Aerosol Phosphorus Composition: New Insights from Synchrotron X-ray Spectroscopy
Thursday, 18 December 2014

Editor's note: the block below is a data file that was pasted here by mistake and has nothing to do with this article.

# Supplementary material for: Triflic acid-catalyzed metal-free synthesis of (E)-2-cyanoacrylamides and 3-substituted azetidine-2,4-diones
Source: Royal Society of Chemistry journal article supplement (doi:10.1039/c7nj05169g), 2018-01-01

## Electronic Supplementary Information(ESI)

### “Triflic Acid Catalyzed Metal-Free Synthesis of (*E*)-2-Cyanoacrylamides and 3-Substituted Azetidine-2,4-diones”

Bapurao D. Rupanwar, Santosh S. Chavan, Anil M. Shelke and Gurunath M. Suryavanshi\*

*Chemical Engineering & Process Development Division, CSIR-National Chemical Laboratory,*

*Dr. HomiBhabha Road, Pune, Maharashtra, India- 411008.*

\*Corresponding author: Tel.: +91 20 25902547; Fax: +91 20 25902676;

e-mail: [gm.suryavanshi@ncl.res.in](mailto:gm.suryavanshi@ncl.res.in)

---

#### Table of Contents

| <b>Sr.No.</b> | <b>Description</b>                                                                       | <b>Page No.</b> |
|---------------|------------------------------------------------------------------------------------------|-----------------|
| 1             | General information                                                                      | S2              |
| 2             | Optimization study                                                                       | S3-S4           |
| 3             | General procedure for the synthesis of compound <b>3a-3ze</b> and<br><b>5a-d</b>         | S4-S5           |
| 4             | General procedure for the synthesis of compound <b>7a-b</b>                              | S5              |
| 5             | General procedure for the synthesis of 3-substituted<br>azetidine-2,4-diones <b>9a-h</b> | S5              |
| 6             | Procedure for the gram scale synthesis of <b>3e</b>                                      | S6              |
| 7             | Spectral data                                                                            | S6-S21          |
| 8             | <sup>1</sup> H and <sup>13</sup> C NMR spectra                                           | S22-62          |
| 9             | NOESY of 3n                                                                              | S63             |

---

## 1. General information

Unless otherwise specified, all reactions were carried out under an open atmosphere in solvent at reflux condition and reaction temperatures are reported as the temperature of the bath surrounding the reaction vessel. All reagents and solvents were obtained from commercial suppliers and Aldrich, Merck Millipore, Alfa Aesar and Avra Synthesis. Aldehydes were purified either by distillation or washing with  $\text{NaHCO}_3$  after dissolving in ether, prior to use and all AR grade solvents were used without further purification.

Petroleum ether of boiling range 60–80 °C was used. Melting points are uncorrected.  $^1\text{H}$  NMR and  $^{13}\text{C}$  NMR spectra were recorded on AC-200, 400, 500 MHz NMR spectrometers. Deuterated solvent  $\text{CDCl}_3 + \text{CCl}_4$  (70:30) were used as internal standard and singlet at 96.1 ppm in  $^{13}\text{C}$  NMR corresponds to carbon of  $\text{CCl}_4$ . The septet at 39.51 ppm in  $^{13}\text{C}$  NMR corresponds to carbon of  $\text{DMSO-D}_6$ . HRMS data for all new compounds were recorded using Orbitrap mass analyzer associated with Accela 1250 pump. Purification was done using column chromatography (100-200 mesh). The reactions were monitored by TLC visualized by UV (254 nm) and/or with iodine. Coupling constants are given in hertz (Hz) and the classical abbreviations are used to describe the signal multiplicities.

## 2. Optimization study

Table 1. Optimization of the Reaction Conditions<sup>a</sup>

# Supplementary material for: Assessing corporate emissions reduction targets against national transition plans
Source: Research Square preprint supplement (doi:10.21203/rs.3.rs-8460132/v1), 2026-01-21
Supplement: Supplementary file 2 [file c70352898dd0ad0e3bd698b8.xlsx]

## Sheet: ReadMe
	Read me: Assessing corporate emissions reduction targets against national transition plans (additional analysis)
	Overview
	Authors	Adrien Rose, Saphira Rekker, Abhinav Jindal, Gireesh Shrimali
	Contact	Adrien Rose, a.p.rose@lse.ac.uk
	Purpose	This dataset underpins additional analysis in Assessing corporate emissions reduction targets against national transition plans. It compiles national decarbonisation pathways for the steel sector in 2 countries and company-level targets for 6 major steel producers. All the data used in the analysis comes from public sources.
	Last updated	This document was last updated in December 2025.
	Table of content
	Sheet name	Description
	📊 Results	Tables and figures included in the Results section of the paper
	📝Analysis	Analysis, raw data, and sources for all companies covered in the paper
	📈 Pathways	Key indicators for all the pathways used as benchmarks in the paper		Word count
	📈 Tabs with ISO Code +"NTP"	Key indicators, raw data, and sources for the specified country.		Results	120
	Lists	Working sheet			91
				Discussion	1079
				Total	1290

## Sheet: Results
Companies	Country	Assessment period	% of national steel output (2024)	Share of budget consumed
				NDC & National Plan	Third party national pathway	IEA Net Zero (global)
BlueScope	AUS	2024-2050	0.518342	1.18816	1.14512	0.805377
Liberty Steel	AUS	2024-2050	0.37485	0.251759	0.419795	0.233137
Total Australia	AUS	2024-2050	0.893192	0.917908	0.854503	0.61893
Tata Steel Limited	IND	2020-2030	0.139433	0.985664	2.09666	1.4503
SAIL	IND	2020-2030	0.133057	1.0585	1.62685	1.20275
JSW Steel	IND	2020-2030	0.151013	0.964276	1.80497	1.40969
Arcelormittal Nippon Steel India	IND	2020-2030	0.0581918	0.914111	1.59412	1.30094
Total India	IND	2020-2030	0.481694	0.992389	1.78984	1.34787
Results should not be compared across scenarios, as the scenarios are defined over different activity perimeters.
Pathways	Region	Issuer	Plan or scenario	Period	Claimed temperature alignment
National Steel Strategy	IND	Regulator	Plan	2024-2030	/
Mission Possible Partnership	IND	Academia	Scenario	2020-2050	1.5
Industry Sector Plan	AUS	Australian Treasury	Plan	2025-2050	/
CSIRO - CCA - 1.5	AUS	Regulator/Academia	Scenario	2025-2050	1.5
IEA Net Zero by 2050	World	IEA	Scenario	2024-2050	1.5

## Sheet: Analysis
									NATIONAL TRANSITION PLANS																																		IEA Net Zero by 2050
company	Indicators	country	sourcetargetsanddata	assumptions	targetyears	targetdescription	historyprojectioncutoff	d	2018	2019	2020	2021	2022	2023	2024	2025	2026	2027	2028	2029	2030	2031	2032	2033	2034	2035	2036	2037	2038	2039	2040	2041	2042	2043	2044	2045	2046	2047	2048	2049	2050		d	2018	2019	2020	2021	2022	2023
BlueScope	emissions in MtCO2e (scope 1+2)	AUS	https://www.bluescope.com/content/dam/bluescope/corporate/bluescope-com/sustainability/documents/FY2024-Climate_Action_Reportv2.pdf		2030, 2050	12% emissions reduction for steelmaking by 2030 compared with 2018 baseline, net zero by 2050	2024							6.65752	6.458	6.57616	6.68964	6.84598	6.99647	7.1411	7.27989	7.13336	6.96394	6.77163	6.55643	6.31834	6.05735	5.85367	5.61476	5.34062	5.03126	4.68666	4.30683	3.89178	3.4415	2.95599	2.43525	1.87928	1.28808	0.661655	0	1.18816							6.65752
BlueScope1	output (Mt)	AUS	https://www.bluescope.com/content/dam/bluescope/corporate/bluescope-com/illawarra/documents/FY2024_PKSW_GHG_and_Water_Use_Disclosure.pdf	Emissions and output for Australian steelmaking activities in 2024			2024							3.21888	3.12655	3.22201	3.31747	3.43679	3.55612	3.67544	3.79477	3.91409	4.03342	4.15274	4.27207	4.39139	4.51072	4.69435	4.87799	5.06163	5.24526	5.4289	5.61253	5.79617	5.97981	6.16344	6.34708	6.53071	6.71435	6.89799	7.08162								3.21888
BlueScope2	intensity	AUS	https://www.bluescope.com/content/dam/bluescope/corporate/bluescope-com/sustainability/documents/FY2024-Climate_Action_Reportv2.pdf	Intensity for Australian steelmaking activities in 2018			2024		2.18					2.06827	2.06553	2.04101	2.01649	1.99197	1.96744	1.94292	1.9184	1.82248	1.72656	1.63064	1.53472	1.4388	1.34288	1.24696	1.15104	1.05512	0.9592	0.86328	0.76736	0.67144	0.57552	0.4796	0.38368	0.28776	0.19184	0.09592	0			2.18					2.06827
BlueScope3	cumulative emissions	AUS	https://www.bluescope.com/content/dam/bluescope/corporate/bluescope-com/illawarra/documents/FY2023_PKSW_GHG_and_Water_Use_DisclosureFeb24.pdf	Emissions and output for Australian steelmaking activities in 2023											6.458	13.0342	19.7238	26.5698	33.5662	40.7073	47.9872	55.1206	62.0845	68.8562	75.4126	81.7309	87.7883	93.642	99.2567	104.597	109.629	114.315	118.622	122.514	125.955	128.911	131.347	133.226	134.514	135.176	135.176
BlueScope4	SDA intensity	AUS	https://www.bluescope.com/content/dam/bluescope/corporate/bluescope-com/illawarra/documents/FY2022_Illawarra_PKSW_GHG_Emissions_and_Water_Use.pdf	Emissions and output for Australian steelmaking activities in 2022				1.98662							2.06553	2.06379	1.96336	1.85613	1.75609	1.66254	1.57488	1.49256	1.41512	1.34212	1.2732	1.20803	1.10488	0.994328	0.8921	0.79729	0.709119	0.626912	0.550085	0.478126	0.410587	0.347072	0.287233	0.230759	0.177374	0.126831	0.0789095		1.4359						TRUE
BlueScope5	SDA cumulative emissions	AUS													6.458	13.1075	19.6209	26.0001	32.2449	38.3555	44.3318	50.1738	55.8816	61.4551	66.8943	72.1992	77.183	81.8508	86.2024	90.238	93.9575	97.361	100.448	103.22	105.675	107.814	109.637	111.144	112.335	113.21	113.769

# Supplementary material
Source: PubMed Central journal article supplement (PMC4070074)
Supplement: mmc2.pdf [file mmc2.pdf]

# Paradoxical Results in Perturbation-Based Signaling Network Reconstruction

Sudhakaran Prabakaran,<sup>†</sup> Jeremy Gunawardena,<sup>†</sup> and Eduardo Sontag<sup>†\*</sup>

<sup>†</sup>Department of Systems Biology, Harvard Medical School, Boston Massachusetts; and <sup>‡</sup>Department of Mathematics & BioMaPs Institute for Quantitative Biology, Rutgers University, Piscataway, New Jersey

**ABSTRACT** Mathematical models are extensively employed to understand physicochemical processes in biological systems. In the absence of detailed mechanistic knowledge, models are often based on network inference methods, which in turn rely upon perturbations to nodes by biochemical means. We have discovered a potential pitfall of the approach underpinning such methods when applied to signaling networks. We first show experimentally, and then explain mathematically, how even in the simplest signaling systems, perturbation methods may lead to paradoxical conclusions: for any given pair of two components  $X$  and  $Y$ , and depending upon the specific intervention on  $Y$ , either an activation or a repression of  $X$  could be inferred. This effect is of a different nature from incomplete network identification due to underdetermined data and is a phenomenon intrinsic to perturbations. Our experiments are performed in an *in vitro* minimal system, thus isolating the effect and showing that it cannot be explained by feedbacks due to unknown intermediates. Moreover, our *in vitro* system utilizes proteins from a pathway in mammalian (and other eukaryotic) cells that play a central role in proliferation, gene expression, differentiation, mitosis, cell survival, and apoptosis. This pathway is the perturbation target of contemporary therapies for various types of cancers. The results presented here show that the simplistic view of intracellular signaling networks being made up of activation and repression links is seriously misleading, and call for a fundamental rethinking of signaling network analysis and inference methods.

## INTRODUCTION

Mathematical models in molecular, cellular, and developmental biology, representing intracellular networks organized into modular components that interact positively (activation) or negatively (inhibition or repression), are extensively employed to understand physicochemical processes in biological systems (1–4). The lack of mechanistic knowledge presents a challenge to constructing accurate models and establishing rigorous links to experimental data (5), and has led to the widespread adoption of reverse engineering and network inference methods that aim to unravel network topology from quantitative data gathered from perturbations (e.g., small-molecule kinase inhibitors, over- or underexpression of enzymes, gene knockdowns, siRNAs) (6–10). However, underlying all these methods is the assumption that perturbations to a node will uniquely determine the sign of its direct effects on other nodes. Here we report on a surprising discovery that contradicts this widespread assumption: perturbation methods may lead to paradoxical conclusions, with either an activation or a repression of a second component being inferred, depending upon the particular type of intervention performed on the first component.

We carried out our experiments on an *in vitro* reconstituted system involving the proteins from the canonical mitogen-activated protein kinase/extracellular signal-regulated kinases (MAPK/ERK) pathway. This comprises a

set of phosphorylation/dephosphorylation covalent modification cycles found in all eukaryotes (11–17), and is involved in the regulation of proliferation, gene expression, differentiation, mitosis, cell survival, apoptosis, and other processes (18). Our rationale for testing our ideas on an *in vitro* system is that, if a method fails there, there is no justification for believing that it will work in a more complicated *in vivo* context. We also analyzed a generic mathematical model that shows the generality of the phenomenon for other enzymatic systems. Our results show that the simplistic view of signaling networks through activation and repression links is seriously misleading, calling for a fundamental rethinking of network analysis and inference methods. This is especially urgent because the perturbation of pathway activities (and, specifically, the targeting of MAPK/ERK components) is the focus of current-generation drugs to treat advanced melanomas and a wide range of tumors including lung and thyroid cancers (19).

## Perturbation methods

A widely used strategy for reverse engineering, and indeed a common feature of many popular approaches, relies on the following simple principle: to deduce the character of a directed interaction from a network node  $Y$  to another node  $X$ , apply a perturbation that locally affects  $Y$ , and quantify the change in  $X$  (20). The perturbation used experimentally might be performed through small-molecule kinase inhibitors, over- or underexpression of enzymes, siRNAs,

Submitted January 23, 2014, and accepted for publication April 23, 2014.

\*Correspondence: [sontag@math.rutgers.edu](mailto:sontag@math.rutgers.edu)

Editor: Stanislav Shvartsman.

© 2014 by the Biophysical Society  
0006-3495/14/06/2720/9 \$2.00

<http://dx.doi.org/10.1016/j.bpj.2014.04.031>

Biological productivity in many ocean regions is controlled by the availability of the nutrient phosphorus (P), including the eastern Mediterranean Sea. Aerosol deposition is a key source of P in the Mediterranean. Understanding the composition of this P is critical for determining its solubility and therefore potential bioavailability. We investigated aerosol P composition in European and North African air masses, the main sources of aerosol deposition to the Mediterranean Sea, using Phosphorus Near Edge X-ray Fluorescence Spectroscopy (P-NEXFS). We show that European aerosols are a significant source of soluble P to the Mediterranean Sea. The traditionally studied North African sourced air masses carry more total P to the Mediterranean Sea than European sourced air masses and contain mostly apatite, a largely insoluble calcium phosphate mineral. However, European aerosols deliver P that is on average 3.5 times more soluble than North African aerosols and furthermore are dominated by organic P compounds. The increased solubility of European aerosols leads to comparable amounts of soluble P by mass delivered to the Mediterranean Sea by both air masses. The ultimate origin of organic P does not stem from common primary emission sources, such as coal fly ash and diesel emissions. Rather, P associated with bacteria best explains the presence of organic P in Mediterranean aerosols. The soluble organic nature of the P in European sourced air masses underscores the need to examine aerosols from this region as a source of P to the Mediterranean Sea. This study also demonstrates that synchrotron-based techniques are effective tools for characterizing aerosols and gaining new insights.